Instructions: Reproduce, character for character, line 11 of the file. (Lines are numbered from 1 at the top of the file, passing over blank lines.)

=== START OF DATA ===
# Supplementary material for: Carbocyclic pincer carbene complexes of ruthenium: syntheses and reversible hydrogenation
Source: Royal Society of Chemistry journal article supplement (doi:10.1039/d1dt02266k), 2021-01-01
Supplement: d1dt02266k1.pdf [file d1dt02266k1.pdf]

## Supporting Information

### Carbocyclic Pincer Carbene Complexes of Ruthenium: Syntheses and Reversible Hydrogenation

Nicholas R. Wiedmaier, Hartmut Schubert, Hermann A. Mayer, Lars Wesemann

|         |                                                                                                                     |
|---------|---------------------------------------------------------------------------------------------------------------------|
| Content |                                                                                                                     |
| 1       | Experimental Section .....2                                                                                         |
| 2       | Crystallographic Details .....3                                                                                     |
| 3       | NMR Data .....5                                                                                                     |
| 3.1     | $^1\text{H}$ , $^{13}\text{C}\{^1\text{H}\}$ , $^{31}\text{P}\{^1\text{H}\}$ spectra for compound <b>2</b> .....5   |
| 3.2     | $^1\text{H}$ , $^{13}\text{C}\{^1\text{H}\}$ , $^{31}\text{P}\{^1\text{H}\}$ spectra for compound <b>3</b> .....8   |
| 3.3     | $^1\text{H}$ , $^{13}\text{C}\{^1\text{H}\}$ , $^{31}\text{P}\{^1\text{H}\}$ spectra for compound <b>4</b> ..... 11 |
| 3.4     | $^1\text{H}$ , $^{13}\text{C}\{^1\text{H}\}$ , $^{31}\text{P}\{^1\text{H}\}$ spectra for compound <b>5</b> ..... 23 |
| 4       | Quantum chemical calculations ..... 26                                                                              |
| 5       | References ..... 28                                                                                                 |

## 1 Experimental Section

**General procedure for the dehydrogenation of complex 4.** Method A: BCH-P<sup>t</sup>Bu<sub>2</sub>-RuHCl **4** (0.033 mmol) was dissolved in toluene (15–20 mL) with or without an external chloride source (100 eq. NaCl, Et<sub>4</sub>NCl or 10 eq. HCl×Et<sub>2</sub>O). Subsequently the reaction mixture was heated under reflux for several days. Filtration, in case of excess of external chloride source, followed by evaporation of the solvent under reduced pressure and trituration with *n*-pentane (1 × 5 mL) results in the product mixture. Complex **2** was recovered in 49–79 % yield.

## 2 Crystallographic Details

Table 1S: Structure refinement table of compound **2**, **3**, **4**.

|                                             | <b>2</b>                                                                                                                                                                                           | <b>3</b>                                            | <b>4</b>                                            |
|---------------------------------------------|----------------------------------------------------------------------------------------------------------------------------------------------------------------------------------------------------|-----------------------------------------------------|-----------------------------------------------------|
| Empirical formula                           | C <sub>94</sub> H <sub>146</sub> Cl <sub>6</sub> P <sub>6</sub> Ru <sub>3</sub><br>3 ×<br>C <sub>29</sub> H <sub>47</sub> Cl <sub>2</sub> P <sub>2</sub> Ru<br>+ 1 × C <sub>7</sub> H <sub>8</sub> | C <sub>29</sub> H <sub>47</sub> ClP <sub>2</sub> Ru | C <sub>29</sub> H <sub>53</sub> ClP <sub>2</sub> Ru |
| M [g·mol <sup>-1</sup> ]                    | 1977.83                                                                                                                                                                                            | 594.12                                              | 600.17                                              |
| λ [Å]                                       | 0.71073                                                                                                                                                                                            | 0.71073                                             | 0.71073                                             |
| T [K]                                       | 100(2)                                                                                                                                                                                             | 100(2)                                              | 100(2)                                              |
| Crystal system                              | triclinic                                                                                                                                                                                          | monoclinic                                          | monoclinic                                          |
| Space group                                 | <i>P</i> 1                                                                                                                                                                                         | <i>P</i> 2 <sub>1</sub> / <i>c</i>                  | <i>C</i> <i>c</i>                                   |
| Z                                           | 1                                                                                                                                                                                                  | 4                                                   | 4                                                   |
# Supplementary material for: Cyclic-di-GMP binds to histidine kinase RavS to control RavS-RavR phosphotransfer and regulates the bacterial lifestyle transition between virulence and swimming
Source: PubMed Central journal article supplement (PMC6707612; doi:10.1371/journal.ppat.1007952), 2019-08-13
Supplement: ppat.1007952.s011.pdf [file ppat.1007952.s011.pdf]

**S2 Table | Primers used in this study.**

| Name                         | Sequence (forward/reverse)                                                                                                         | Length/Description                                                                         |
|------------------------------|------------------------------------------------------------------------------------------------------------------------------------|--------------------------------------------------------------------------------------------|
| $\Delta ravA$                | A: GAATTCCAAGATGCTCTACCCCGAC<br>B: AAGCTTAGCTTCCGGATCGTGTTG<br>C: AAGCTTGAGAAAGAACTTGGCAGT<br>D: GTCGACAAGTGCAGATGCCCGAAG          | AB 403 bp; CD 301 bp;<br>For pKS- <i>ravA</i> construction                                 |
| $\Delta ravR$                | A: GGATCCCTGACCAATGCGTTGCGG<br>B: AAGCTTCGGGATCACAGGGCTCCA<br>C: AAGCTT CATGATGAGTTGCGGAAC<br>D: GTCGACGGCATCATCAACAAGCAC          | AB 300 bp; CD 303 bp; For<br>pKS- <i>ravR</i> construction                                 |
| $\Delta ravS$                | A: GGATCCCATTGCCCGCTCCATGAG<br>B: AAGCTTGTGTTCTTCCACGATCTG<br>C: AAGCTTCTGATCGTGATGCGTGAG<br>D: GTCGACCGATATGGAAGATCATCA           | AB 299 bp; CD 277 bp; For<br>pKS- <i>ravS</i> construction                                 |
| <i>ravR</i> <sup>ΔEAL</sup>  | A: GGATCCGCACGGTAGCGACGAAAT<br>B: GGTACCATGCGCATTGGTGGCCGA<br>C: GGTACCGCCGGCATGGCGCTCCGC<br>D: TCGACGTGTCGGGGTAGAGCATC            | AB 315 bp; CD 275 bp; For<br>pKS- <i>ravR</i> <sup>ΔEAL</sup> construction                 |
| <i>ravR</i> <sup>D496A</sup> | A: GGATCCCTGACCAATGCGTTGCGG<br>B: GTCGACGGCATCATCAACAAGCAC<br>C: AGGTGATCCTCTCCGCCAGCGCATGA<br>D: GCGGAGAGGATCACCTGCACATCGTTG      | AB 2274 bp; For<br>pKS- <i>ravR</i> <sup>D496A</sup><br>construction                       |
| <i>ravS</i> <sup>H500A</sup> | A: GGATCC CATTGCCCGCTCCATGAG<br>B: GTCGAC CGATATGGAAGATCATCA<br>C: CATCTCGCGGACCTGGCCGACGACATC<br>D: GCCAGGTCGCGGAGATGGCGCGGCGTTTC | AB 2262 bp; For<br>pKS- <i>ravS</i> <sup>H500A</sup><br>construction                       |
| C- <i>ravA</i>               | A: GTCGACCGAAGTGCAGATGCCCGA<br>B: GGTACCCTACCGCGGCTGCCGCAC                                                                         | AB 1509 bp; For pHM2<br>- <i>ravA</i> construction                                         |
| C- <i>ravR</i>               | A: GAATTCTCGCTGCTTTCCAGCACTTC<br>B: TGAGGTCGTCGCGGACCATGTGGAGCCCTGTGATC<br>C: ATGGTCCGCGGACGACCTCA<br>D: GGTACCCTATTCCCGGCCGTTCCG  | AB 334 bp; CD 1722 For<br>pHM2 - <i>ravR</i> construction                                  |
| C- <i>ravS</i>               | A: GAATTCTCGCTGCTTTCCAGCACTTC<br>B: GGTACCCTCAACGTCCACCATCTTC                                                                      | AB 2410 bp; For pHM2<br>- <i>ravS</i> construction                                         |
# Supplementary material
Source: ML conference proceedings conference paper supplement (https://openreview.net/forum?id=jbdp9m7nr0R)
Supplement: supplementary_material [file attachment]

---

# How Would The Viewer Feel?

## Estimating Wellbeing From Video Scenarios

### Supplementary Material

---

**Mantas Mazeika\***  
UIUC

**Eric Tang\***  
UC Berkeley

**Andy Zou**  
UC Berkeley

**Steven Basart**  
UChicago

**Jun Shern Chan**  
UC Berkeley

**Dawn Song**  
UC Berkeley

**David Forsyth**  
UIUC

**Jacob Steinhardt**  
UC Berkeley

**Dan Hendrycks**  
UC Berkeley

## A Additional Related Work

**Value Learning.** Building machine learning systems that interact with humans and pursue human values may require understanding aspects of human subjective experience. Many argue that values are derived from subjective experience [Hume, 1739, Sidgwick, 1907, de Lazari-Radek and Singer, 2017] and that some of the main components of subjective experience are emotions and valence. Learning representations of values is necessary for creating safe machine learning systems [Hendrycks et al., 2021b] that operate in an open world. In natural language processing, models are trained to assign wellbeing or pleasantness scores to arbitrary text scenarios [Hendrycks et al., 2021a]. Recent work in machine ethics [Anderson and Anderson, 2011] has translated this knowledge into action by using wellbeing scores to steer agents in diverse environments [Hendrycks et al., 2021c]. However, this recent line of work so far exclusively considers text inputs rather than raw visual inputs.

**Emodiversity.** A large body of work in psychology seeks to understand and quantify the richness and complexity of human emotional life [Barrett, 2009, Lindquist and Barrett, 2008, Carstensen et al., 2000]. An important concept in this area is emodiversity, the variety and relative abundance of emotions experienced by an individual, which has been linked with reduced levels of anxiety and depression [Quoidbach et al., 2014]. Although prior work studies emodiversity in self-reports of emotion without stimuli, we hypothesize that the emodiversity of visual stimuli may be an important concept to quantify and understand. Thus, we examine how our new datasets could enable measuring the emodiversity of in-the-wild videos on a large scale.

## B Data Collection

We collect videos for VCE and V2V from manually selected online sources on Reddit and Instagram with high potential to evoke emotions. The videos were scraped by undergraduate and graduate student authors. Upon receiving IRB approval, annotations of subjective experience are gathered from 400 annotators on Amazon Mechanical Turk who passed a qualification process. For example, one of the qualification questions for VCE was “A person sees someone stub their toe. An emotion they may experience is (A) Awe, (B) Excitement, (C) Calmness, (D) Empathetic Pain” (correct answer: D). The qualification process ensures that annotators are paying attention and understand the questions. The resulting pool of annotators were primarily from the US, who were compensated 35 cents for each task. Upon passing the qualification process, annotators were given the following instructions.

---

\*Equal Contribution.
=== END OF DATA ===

| 2       | Crystallographic Details .....3                                                                                     |